The nonexistence of quarks

PSI Blog 20191023 The nonexistence of quarks

By adhering to quantum mechanics, regressive physicists have a tendency to be hoisted on their own petards. Now comes a new theory that quarks do not exist. They were supposed to be the building blocks of all reality—the finite particle all idealists dream of. But this was a “reality” not too believable, what with their necessity to have partial “spin” and “color” that is not color.

Whether you are into Finite Particle Theory or not, you may find this recent article in New Scientist to be of interest:

What the quark?! Why matter's most basic building blocks may not exist

Quarks are the subatomic particles thought to make up nearly everything we can see. Now it turns out they could be an illusion created by quantum trickery

PHYSICS 2 October 2019

The article is well written and a fairly understandable review of the subject even though the whole quark phantasmagoria is not. It is behind a paywall, but here are a few salient quotes:

“The hunt for matter’s most basic constituents is millennia old. The Greek philosopher Democritus coined a new word to describe fundamental units of matter: atomos meaning indivisible. While physicists today would agree with Democritus in principle, history has played a nasty joke on his terminology. Our modern understanding of atoms suggests that they are composed of particles called electrons that orbit a nucleus made of protons and neutrons. And those latter two are actually made of quarks (see “Nature’s Lego bricks”).”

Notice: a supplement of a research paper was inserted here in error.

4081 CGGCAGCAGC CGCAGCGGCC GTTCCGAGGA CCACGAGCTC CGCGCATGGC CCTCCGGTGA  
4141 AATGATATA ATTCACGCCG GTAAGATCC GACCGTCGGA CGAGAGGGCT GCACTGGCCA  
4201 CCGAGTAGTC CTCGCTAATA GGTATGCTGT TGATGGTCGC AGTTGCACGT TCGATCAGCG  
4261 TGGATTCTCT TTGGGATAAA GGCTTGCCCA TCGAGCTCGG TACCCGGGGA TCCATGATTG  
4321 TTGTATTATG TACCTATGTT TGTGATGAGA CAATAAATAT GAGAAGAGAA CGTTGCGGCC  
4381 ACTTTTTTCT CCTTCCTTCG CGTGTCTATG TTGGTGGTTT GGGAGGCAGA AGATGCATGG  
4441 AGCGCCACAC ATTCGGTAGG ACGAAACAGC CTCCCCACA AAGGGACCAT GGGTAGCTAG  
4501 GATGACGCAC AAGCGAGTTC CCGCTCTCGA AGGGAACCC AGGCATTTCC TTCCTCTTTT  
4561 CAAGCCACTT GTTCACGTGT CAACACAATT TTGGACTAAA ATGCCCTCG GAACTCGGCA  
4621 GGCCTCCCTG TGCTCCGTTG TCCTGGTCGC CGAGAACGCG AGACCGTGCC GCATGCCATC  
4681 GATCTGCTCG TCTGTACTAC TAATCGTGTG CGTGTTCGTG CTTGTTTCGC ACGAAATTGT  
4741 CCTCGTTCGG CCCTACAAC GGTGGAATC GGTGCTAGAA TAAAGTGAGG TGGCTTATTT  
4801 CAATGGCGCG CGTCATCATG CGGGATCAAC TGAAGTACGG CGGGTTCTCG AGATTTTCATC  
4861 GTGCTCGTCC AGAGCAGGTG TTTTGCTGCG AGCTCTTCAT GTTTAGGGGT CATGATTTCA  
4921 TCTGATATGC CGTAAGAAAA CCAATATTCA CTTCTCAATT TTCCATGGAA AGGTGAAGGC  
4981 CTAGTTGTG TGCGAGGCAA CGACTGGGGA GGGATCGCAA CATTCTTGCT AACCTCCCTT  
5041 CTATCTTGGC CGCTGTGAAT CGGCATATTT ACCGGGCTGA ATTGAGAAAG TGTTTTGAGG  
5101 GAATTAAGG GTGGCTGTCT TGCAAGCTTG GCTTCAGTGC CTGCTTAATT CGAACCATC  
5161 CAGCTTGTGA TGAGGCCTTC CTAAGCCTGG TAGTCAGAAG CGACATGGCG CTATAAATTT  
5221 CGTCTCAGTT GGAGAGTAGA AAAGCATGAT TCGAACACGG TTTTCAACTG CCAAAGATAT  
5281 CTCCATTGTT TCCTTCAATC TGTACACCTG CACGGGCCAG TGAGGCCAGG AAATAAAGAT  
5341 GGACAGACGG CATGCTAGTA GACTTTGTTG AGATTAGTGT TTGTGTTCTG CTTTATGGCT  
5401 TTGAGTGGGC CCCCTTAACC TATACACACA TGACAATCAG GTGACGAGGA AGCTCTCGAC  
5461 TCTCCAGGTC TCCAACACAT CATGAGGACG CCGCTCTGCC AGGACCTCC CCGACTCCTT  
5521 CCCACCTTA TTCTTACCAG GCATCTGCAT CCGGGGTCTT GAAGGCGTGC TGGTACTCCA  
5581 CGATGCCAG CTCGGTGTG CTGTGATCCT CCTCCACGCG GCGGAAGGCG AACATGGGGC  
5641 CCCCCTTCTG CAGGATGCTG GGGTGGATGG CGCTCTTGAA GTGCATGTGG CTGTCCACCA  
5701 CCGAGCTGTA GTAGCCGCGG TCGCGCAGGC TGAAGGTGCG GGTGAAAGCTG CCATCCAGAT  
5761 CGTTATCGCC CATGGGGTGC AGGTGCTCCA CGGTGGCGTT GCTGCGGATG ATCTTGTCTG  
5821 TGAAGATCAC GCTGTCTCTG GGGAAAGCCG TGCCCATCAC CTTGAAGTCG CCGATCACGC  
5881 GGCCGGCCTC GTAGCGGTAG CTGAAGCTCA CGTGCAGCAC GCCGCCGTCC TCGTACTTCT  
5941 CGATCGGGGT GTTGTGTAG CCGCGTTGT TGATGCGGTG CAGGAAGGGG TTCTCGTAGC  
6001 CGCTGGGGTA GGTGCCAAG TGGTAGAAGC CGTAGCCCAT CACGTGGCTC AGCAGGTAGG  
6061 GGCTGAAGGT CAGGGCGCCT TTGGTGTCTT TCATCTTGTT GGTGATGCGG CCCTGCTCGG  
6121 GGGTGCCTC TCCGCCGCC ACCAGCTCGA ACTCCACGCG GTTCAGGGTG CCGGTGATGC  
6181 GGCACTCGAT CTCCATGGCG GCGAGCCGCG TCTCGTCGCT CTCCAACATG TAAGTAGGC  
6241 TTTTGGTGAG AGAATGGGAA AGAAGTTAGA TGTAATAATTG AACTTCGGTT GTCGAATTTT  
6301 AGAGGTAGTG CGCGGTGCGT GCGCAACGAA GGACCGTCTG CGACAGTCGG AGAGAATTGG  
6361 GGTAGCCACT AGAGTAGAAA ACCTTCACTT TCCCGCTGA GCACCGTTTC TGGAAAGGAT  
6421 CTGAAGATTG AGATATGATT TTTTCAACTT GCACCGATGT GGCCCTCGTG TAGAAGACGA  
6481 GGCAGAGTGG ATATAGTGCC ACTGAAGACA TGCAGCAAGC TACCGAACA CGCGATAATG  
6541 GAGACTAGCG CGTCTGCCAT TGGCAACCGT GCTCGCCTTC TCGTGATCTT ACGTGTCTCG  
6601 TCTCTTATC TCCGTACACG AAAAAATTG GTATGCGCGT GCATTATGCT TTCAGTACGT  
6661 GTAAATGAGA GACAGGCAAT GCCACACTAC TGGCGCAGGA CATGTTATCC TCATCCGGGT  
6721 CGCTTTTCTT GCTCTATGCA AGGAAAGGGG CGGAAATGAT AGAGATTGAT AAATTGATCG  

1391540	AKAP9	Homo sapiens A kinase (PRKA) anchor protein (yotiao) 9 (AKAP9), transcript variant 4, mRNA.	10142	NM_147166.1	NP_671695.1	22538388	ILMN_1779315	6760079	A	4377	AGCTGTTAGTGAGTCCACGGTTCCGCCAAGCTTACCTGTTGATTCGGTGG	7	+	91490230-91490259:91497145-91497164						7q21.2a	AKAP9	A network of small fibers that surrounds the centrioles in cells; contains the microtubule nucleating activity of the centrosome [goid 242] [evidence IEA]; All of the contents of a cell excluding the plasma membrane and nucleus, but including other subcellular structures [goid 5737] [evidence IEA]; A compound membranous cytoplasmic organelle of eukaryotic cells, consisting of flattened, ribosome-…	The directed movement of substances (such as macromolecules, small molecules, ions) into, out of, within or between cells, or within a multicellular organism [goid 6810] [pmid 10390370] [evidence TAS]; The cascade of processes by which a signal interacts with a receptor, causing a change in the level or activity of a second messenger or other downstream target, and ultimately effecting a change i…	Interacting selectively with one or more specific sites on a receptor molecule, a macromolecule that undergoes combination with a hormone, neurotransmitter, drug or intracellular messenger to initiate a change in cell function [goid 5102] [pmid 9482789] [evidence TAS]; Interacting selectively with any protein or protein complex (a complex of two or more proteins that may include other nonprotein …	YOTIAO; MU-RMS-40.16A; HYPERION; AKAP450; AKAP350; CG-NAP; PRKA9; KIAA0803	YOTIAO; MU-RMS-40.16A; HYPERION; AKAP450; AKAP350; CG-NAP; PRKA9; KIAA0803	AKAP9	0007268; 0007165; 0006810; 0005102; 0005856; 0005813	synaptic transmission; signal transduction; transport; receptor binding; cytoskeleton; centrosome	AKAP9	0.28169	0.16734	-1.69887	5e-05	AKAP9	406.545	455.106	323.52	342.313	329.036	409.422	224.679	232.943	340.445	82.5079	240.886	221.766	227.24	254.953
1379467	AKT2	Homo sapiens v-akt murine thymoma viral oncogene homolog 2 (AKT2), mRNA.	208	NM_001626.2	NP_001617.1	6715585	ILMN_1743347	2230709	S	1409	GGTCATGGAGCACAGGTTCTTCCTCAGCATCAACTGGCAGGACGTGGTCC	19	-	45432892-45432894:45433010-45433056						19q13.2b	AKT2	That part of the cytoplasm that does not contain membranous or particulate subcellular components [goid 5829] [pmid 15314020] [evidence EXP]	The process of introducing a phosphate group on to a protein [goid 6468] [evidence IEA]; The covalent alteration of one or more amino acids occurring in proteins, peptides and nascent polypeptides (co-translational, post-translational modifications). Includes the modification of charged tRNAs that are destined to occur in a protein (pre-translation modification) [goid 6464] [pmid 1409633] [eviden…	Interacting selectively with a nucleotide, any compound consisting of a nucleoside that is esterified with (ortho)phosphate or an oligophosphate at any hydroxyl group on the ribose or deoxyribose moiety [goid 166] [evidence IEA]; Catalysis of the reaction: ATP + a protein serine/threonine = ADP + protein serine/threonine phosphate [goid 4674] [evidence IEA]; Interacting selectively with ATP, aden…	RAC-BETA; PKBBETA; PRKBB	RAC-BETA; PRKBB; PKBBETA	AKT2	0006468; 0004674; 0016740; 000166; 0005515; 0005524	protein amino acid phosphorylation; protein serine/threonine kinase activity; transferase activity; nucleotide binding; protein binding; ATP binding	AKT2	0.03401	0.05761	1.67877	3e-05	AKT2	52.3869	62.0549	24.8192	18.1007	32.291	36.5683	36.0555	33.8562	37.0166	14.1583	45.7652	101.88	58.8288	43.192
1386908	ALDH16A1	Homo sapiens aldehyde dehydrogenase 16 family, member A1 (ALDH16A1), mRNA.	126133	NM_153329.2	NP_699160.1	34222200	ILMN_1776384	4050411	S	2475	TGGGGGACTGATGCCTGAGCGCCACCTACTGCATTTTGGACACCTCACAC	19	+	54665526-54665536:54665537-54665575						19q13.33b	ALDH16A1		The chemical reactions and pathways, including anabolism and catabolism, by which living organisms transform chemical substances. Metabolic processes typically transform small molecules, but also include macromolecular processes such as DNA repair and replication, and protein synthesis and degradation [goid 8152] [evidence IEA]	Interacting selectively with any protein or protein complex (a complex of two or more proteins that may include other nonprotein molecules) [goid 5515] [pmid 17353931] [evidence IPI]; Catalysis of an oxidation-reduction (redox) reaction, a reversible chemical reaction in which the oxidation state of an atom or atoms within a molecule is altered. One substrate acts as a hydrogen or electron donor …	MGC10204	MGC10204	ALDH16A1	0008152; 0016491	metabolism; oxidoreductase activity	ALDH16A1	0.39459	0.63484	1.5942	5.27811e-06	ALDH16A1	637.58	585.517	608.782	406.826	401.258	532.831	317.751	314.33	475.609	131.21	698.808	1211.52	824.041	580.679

“The practical applications are only part of the story. Komargodski’s work also raises profound questions about the nature of quarks. If there are circumstances under which quarks seem to be emergent rather than fundamental, does that mean that all quarks are little more than abstractions? If so, what is reality really made of?”

And finally:

“Rho sees it differently. “The fundamental nature of the quark essentially loses its meaning in a highly correlated system like dense matter,” he says. “Quarks are not fundamental any more, I think.” Perhaps this shouldn’t come as a surprise. Most physicists think that the standard model of particle physics doesn’t capture the full truth about reality, not least because we don’t know why it is like it is. Quarks may represent another rung on the ladder of reality, but we haven’t reached the bottom yet. We may be right back at the beginning.”

Of course, readers know that Infinite Universe Theory implies there can be no finite particles, as we made clear in one of our previous books.[1]

[1] Puetz, Stephen J., and Borchardt, Glenn, 2011, Universal cycle theory: Neomechanics of the hierarchically infinite universe: Denver, Outskirts Press, 626 p. [http://www.scientificphilosophy.com/].

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